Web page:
It may be a scam
When I read your question I was reminded of all those scam questions over at Money.SE - you mention that you contacted the first two of those companies and then the third contacted you? Here are your paragraphs about the third company with an emphasis added by me about everything I find suspicious and a little explanation in square brackets:
The third company, which contacted me [Where did they get your information from? From everything I know big companies tend to be really busy. They don't have time to go around and randomly ask people to do business with them.] believing I had written a children’s book [They believed you had written a children's book? This reads like you didn't and like a typical scam where you just make a probable guess about potential victims to lure them in. Or, if it's nothing like that, at least it seems like they thought they were talking to someone else, so you need to check whether that really is an opportunity for you.], does a round of copy editing and publishes the book as the others do - however, they assign an agent [For what? This is about self-publishing so there shouldn't be a reason to assign an agent to everyone who is making business with them. That's very expensive and companies don't throw away money if they want to stay in the business.] to try and find one of the big five who might take you on [They try? How do you know they will? They could just say "Sorry, we didn't find anyone." in the end. And the Big Five? This company didn't even get your book right when they asked you to do business with them - how likely do you think they are to have good enough contacts to the Big Five, who have this name for a reason, to land your book with them.]. If potential in other media exists [How do they judge that? What self-published books have they turned into a movie or similar so far? Do you have prove that they won't just take money for "research" and then say "Nope, not possible, sorry"?], they will also seek out producers etc and try and get a deal [With whom are they connected in that avenue? They already "know" the Big Five and now they know lots of producers who like to turn self-published books into movies? If that's the case they should be one of the biggest and most important companies out there and every "tips and tricks" guide should be talking about them by now. Have you heard of this company before?].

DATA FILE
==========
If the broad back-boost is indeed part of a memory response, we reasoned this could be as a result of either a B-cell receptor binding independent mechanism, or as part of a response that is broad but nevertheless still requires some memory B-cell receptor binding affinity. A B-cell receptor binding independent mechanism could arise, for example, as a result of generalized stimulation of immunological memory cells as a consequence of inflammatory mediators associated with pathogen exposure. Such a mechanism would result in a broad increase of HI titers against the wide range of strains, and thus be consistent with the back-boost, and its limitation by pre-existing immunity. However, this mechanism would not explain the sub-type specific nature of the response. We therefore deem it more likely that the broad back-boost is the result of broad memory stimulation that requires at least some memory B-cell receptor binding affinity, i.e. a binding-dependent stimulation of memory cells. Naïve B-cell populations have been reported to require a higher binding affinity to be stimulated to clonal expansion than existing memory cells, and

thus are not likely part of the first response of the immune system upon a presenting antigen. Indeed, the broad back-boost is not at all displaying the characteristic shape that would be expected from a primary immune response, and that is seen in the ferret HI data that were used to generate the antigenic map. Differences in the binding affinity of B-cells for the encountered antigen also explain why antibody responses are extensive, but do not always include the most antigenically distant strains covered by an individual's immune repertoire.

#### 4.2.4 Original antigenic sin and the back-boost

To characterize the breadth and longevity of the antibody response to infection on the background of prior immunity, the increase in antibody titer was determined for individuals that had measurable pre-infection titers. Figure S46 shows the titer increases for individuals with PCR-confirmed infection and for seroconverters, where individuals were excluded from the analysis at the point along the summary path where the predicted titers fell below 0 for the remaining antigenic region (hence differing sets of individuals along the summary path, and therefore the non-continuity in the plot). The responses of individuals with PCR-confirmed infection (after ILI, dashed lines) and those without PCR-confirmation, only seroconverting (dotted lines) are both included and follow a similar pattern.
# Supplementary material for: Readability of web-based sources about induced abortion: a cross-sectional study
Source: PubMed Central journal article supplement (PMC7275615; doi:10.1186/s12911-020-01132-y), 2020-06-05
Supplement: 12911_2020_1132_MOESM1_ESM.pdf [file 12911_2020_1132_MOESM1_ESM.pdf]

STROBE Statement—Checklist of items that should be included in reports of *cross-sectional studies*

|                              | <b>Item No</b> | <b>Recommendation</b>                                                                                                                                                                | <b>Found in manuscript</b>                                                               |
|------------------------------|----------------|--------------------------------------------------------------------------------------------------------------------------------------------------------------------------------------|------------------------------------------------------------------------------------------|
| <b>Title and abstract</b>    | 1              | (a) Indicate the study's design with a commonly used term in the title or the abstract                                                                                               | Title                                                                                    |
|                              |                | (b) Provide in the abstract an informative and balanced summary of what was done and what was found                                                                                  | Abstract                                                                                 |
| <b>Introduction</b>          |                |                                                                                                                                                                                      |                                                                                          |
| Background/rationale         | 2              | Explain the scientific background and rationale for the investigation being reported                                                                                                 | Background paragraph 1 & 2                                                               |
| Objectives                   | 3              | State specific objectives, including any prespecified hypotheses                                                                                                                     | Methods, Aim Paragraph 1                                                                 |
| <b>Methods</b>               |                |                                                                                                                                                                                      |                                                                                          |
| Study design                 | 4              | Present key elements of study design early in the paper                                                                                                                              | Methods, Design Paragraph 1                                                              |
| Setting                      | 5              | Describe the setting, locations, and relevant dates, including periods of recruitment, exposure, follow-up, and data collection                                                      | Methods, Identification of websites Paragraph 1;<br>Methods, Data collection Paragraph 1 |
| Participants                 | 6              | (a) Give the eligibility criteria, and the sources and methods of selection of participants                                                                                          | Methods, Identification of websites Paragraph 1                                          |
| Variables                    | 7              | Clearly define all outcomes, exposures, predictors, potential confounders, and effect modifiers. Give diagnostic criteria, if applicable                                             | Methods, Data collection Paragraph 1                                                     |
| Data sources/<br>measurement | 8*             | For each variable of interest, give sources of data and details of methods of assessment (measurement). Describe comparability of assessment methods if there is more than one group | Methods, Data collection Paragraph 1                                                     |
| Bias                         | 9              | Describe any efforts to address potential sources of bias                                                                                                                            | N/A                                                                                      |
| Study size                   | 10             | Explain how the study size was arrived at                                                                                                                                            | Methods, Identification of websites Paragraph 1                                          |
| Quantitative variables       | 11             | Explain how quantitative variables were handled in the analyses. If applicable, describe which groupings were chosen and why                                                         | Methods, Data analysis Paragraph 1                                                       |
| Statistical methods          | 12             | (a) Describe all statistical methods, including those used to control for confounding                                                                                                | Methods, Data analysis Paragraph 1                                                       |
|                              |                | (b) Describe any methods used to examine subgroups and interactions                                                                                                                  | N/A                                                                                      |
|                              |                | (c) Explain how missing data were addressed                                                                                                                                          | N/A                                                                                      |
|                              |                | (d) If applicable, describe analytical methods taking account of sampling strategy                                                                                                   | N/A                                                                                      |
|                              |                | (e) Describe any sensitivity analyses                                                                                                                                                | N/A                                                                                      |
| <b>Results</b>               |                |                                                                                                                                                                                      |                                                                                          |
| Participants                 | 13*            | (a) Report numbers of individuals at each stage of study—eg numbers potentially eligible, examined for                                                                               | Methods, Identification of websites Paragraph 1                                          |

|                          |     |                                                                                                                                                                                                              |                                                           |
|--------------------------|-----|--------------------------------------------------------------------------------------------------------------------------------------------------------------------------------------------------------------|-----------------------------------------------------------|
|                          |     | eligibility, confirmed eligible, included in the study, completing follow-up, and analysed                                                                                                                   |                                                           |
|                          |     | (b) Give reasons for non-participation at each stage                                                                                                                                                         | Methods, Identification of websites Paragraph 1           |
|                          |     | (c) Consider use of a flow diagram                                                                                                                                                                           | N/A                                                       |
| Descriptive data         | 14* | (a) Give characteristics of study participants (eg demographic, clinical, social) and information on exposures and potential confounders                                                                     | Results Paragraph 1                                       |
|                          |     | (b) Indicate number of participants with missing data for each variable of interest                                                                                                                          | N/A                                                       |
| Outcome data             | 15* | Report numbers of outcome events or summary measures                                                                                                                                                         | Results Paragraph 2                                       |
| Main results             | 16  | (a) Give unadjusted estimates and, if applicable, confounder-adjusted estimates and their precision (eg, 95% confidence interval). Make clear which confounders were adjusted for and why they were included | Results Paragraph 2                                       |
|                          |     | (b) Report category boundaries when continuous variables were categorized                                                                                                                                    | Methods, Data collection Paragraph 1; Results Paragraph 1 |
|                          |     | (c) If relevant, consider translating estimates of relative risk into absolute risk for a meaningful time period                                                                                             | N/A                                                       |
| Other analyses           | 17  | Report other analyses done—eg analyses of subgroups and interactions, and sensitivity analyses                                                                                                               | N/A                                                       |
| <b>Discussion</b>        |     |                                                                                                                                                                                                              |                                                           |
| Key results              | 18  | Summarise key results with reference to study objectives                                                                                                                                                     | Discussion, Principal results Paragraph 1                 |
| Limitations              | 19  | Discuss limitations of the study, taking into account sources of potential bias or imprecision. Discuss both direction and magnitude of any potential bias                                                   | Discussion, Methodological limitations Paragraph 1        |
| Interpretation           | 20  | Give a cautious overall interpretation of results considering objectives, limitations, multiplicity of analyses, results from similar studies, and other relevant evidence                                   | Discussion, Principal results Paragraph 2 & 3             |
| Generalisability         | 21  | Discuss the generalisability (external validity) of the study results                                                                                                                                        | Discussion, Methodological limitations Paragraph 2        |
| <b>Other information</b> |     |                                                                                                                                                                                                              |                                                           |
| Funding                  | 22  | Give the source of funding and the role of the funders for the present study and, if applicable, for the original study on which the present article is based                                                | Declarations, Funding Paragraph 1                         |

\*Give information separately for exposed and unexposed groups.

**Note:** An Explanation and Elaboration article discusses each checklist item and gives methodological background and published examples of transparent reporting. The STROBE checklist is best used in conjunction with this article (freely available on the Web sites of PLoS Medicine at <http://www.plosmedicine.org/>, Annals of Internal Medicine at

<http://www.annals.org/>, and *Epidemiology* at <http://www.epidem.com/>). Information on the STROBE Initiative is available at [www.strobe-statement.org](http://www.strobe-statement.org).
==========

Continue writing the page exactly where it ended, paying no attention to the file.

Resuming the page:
The third company does less to the actual book than the second does, but seems better in the distribution and promotion aspects. It also costs about a third of what the second one does. [They are far cheaper than the second one, but do far more by talking to the Big Five and movie producers while selling your book world-wide?]
I looked at your profile here on Writing.SE, which says:
I also enjoy writing poetry and have started a few novels in various genres. My current project seems something that might go somewhere.
This doesn't look to me like you have published so much best-selling stuff at this time that publishers would come to you and ask you to represent when talking with the Big Five and movie producers. That sounds too good to be true. And you know, if it seems too good to be true it probably is.
Furthermore you received a comment from the user Cyn (emphasis added by me):
This is a really weird combo. If you want an agent, I would submit to several who have space for new writers and have asked for your genre. Remember, you're interviewing agents as much as they're interviewing you. Just like taking a job; you wouldn't go with just anyone willing to hire you (if you had options). A print on demand publisher is not where I'd look for an agent.
The fact that nobody else commented anything like that or answered so far suggests that this is at least unusual and uncommon. Those are good indicators that you should take a really close look at the company. How often do their names come up in big sales news when you look for them on Google? How many movies were produced by books they have published? With all those promises you should easily find lots of examples on the internet.
Because this sounded like something interesting that should turn up lots of information even without the name of the company I tried to look them up - and I couldn't find a company that mentions something like you described.
What I found was information about the relationship between self-published authors and agents. The information suggests that the market is changing and that agents really are talking to self-published authors once they have a couple successes, but nobody would contact you out of the blue and there was never a mention of a company that does things like the one you describe. For example How Self-Publishing Helped Me Find A Literary Agent is a guide about how a self-published author should approach agents. Do literary agents want self-published authors? is a guide about how a self-published author should approach agents. How to Land an Agent for a Self-Published Book is a guide for how you, as the author, should approach potential agents. I am seeing a pattern there.